USTA envia carta a Obama e pede Brasil no Visa Waiver

03/03/2011

Depois de preparar um documento mostrando a importância da ação para a economia norte-americana, a US Travel Association segue em seu lobby para tentar incluir o Brasil no Programa Visa Waiver. Para tal, o presidente da entidade, Roger Dow, enviou ontem correspondência ao presidente Barack Obama (foto) onde fala, especificamente, da importância da entrada do País no programa de isenção de vistos norte-americanos.

Para o brasileiro Luiz de Moura Jr., vice-presidente da entidade, que já havia adiantado a intenção da US Travel Association, “nada mais oportuno e apropriado do que neste momento em que o presidente Barak Obama vem ao Brasil para tratar de acordos bilaterais”. O Consulado dos Estados Unidos em São Paulo, no entanto, esclareceu, por meio de sua assessoria de imprensa, que “neste momento não há informação alguma sobre a possibilidade de o presidente Obama fazer anúncio de que o Brasil entrará no programa durante sua visita ao País este mês”.

Mas Moura informa que a entidade segue solicitando ao presidente que inicie diálogos com este propósito em sua viagem ao Brasil e Chile. Na correspondência, reproduzida integralmente abaixo, onde se dirige diretamente à Obama, Dow diz: “em nome da indústria de viagens e turismo dos Estados Unidos, é com satisfação que transmitimos nosso entusiasmo sobre sua visita à América do Sul. (…) Nós solicitamos que V. Exa. abrace uma oportunidade única de discutir com Brasil e Chile suas perspectivas para inclusão em nosso Programa Visa Waiver (WVP).”

Fato é que a indústria de viagens brasileira deveria se articular e aproveitar para fazer lobby semelhante junto à presidente Dilma Rousseff para que houvesse empenho de ambos os lados para tratar do tema, uma vez que, sem reciprocidade, não será possível resolver a questão que tanto interessa também ao turismo brasileiro. Seja do ponto de vista emissivo como também do receptivo, uma vez que se argumenta a perda de receita em função dos muitos turistas norte-americanos - e eventos - que deixam de vir ou acontecer no Brasil pela dificuldade na obtenção de vistos.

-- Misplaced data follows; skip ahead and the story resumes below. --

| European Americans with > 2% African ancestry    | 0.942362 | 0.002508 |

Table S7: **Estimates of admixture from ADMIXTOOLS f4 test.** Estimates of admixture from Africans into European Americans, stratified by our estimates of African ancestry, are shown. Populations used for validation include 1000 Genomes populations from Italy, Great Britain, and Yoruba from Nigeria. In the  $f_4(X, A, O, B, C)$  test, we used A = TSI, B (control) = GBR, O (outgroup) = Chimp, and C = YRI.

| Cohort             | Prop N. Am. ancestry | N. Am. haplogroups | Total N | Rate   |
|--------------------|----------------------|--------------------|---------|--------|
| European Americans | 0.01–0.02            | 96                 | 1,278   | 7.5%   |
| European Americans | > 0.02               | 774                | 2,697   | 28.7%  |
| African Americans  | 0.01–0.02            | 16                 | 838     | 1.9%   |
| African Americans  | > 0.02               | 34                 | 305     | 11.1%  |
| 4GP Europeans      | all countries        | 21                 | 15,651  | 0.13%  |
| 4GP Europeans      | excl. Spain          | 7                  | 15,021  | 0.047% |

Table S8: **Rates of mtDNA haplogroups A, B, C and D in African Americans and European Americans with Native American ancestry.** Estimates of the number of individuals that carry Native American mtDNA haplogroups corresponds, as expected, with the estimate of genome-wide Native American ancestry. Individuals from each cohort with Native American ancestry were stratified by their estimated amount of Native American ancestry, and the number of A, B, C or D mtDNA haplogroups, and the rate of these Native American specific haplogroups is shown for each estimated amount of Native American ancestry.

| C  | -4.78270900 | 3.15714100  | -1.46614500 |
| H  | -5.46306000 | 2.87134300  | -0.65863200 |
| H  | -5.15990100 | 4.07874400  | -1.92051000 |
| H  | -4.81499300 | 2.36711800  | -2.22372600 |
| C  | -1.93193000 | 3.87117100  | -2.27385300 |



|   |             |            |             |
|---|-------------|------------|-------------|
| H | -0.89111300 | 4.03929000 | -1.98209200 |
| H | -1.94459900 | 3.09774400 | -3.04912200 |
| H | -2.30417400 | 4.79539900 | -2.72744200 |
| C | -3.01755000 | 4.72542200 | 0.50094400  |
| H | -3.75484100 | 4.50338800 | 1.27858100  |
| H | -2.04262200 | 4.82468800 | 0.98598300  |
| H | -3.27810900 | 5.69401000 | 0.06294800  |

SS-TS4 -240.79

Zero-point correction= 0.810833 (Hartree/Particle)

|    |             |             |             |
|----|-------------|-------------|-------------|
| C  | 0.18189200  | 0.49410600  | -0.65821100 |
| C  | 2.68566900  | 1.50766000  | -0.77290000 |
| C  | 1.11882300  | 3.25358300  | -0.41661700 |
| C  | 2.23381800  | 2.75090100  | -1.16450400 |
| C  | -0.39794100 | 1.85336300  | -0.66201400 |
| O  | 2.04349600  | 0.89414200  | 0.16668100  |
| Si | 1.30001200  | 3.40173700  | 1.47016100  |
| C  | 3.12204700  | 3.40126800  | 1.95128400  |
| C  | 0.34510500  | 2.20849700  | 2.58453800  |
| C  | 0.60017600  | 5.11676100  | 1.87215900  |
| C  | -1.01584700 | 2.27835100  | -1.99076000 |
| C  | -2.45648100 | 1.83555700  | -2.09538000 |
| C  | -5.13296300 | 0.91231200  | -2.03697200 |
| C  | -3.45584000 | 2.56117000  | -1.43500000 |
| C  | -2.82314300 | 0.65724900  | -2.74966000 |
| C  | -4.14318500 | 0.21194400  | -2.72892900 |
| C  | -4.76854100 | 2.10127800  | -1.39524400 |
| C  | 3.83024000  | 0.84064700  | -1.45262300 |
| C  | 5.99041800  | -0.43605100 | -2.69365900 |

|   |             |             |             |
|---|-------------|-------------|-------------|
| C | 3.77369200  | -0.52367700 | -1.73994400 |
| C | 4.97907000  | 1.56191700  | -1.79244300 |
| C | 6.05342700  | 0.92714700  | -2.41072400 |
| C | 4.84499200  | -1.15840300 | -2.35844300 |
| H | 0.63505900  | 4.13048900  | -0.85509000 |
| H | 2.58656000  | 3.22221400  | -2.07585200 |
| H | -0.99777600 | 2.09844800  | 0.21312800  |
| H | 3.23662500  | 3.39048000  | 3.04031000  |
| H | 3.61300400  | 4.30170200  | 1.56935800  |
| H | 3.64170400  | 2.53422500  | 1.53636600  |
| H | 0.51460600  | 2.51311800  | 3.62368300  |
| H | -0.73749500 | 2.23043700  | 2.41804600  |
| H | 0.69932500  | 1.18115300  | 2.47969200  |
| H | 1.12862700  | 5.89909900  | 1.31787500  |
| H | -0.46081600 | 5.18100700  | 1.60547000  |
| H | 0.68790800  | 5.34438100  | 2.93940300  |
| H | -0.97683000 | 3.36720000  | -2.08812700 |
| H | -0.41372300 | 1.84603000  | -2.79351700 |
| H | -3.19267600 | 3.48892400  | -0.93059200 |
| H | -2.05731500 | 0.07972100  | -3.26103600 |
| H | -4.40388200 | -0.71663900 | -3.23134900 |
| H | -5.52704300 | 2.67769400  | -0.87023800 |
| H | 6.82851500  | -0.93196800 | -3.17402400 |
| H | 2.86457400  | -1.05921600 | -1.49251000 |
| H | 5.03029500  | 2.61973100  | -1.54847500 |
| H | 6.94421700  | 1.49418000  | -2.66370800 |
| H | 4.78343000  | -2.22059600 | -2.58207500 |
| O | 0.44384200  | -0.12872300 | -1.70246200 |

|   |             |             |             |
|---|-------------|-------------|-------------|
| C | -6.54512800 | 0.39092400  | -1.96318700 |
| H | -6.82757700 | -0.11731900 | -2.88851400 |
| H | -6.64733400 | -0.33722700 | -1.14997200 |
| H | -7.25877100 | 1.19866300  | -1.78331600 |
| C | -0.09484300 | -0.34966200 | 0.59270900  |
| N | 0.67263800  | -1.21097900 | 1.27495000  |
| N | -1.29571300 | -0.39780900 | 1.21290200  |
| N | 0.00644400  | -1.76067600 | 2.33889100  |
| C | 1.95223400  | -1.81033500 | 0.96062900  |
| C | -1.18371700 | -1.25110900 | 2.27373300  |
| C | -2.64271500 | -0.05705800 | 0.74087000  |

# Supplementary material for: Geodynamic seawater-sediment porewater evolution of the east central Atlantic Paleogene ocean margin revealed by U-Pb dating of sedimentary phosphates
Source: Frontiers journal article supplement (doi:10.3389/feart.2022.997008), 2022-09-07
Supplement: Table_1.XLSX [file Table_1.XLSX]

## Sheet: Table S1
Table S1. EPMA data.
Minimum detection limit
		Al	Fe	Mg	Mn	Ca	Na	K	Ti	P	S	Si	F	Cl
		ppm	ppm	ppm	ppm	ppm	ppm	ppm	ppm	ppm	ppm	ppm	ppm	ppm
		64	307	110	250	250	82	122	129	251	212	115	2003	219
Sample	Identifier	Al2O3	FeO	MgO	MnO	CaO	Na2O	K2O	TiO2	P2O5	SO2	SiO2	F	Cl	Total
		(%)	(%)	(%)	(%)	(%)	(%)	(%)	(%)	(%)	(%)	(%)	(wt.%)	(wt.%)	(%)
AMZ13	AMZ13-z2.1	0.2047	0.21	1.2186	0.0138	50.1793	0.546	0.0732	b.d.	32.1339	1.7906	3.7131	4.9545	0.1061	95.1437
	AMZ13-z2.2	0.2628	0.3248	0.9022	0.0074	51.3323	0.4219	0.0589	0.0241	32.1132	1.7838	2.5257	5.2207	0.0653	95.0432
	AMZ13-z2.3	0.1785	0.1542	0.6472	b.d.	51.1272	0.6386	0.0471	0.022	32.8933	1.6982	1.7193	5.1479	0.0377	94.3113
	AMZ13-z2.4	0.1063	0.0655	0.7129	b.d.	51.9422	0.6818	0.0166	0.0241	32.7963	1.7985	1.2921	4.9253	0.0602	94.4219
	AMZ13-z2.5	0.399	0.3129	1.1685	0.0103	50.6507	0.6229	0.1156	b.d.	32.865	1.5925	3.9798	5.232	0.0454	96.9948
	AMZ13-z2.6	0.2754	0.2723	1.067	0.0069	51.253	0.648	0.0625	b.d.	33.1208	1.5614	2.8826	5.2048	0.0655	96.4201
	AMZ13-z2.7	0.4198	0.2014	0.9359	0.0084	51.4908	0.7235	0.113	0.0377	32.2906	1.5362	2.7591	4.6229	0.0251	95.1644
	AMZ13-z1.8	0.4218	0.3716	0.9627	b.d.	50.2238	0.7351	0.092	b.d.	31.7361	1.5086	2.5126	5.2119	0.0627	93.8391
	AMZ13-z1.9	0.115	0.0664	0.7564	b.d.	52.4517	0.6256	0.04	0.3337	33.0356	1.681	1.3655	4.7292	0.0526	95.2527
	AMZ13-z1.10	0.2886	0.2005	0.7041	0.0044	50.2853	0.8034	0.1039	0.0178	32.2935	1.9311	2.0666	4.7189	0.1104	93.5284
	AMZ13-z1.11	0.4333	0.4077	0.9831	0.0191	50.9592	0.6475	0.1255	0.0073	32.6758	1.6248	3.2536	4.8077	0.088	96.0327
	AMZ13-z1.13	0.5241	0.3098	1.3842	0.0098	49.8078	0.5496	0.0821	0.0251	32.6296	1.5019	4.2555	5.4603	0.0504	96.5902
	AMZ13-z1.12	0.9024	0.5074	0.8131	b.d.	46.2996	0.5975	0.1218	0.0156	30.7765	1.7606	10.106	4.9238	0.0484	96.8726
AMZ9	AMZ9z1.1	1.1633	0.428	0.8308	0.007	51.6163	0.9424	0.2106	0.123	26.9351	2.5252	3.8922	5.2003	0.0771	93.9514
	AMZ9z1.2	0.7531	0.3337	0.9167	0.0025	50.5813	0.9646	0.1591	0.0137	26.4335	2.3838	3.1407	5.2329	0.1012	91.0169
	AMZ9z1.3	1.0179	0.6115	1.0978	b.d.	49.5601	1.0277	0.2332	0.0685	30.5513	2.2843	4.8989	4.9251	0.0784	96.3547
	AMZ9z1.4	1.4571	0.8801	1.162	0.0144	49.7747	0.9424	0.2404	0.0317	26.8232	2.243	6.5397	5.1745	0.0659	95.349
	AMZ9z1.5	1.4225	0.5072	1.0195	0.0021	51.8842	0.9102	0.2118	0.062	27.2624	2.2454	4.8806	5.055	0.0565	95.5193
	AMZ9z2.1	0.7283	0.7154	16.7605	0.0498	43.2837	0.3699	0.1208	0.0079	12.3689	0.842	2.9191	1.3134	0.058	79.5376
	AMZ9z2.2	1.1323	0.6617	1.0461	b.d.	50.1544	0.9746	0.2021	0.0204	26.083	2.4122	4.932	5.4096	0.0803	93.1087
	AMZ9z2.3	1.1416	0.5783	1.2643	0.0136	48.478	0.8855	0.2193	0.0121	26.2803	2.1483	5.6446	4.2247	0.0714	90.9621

Segundo informou Roger Dow na carta ao presidente Obama, a entrada do Brasil e do Chile no VWP fortaleceria a economia norte-americana permitindo aos Estados Unidos receber, rapidamente, o dobro de visitantes originários desses países, gerando US% 10,3 bilhões em receitas de exportação e dando suporte a 95,1 mil empregos.

Veja abaixo a íntegra (em inglês) da correspondência enviada ontem pela US Travel Association ao presidente Barack Obama:

"March 3, 2011

President Barack Obama
The White House
1600 Pennsylvania Avenue
Washington DC 20500

Dear Mr. President:

On behalf of the U.S. travel and tourism industry, I am pleased to convey our enthusiasm and anticipation about your upcoming mission to South America. We commend your consistent commitment to such personal outreach. In this spirit, we urge you to embrace a particularly important opportunity to discuss with Brazil and Chile their prospects for inclusion in our Visa Waiver Program (VWP). Entrance of Brazil and Chile into the VWP would energize the U.S. economy by allowing the U.S. to double visitation from these countries more quickly, thus generating $10.3 billion in export revenues and supporting 95,100 American jobs.

The VWP permits business and leisure travelers from 36 participating countries to visit the U.S. for up to 90 days without obtaining a non-immigrant visitor visa. The program facilitates and promotes overseas travel to the U.S. while simultaneously allowing the State Department to shift visa screening resources to higher risk countries.

Visitors from VWP countries play a key role in making travel the leading service export for our nation. According to Commerce Department data, 15.7 million VWP visitors traveled to the U.S. in 2009. While here, they spent nearly $57 billion, supporting 492,000 American jobs and generating $8.4 billion in government tax revenues. On average, overseas travelers spent $4,000 per person, per visit to the U.S. in 2009. Yet, while the global travel market increased by 198 million travelers from 2000 to 2009, the U.S. welcomed 2.4 million fewer overseas visitors during this timeframe. Unlike many other exports which face tariff and other barriers imposed by other governments, the U.S. government has the means to immediately increase U.S. travel exports by expanding the VWP.

Expanding the VWP to new countries in South America is an effective and prudent mechanism to improve America’s competitiveness in the world and help the U.S. regain the 17% share of the world travel market it had in 2000. Brazil, for example, represents a massive market for travel to the U.S. with a population of nearly 200 million people and annual gross domestic product of more than a trillion dollars. Brazilian visitors spend on average $5,114 per person in the U.S., the highest spending among the top-10 counties with the most visitations to the U.S. In 2009, this spending totaled $4.6 billion which, in turn, supported 41,360 jobs in the United States.